Humans were not designed to eat meat, but we can after some unnatural processing. Vegetarian/Vegan diets are healthier because of our body design in relation to food. Like you mentioned, human intestines, like herbivore intestines, are longer to digest plants. Carnivores have shorter intestines so that the meat does not stay in the body too long and start to poison it as it rots. The canine teeth in humans are very misleading. Look at a gorilla. They have very large canines despite being vegetarian animals. These teeth are better suited to bite into fruits and plants than animals. In fact, carnivores have claws that they use to hunt which are vital in catching prey. In addition, carnivores have very few molar teeth if any. Animals like horses and humans, have many flat teeth intended for grinding plants. Carnivores swallow more than chew meat. They need the canine teeth to tear meat, not chew it.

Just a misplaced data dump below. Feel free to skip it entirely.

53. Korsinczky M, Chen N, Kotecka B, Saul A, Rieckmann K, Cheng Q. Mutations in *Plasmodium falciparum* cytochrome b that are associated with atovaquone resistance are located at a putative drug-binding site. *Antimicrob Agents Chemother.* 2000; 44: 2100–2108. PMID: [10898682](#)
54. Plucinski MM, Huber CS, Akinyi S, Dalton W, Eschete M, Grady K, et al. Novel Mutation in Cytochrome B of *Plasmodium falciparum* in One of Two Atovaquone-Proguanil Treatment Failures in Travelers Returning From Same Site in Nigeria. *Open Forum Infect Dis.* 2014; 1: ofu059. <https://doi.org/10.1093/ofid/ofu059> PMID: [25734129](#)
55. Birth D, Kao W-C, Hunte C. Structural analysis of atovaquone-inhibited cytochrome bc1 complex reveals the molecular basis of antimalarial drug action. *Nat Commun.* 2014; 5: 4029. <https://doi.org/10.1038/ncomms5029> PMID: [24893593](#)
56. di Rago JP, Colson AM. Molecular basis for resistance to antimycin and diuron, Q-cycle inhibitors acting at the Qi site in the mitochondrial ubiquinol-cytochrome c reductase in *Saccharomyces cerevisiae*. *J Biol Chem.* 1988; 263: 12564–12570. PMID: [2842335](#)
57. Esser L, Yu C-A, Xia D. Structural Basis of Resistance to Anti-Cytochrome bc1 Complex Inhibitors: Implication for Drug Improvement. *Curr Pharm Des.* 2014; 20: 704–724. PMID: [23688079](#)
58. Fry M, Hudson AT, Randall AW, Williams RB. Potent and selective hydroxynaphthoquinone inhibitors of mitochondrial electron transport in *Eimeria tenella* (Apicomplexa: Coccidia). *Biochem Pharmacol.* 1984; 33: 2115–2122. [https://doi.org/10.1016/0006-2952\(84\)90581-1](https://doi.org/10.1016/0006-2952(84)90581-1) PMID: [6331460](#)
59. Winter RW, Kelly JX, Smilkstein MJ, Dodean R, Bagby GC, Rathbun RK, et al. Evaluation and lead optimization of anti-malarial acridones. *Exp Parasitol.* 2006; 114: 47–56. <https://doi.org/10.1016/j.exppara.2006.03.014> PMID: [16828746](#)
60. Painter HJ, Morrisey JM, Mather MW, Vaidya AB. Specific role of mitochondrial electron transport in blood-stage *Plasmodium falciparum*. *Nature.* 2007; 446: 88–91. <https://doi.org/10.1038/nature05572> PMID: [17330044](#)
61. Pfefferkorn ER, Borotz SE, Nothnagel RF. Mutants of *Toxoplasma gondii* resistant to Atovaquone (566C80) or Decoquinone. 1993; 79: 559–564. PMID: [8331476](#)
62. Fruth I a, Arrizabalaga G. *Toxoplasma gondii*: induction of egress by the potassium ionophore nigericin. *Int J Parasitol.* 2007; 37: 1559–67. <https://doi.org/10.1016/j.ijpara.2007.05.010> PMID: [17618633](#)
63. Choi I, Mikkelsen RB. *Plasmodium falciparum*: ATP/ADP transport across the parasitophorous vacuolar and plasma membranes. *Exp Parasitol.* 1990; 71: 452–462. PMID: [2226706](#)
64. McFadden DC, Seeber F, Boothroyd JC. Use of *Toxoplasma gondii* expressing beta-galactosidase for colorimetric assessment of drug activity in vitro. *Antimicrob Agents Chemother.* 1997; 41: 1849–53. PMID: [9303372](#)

Humans don't tear meat. They first cook it (no other animals does this to food, therefore unnatural) then they cut it with an tool like a knife (there goes your whole canine theory) then they chew the meat, not swallow it whole. Then the meat stays in the intestines too long for it to be healthy. That why vegetarian people have a significantly reduced risk of cancers related to the colon.
There is nothing really natural about eating meat. Yes, we can, but our bodies are probably not intended to do so. If you add all the evolutionary evidence and science around the issue, you will start to see that humans are not intended to eat meat like we do. Vegetarianism is healthier and makes more sense regarding our body design.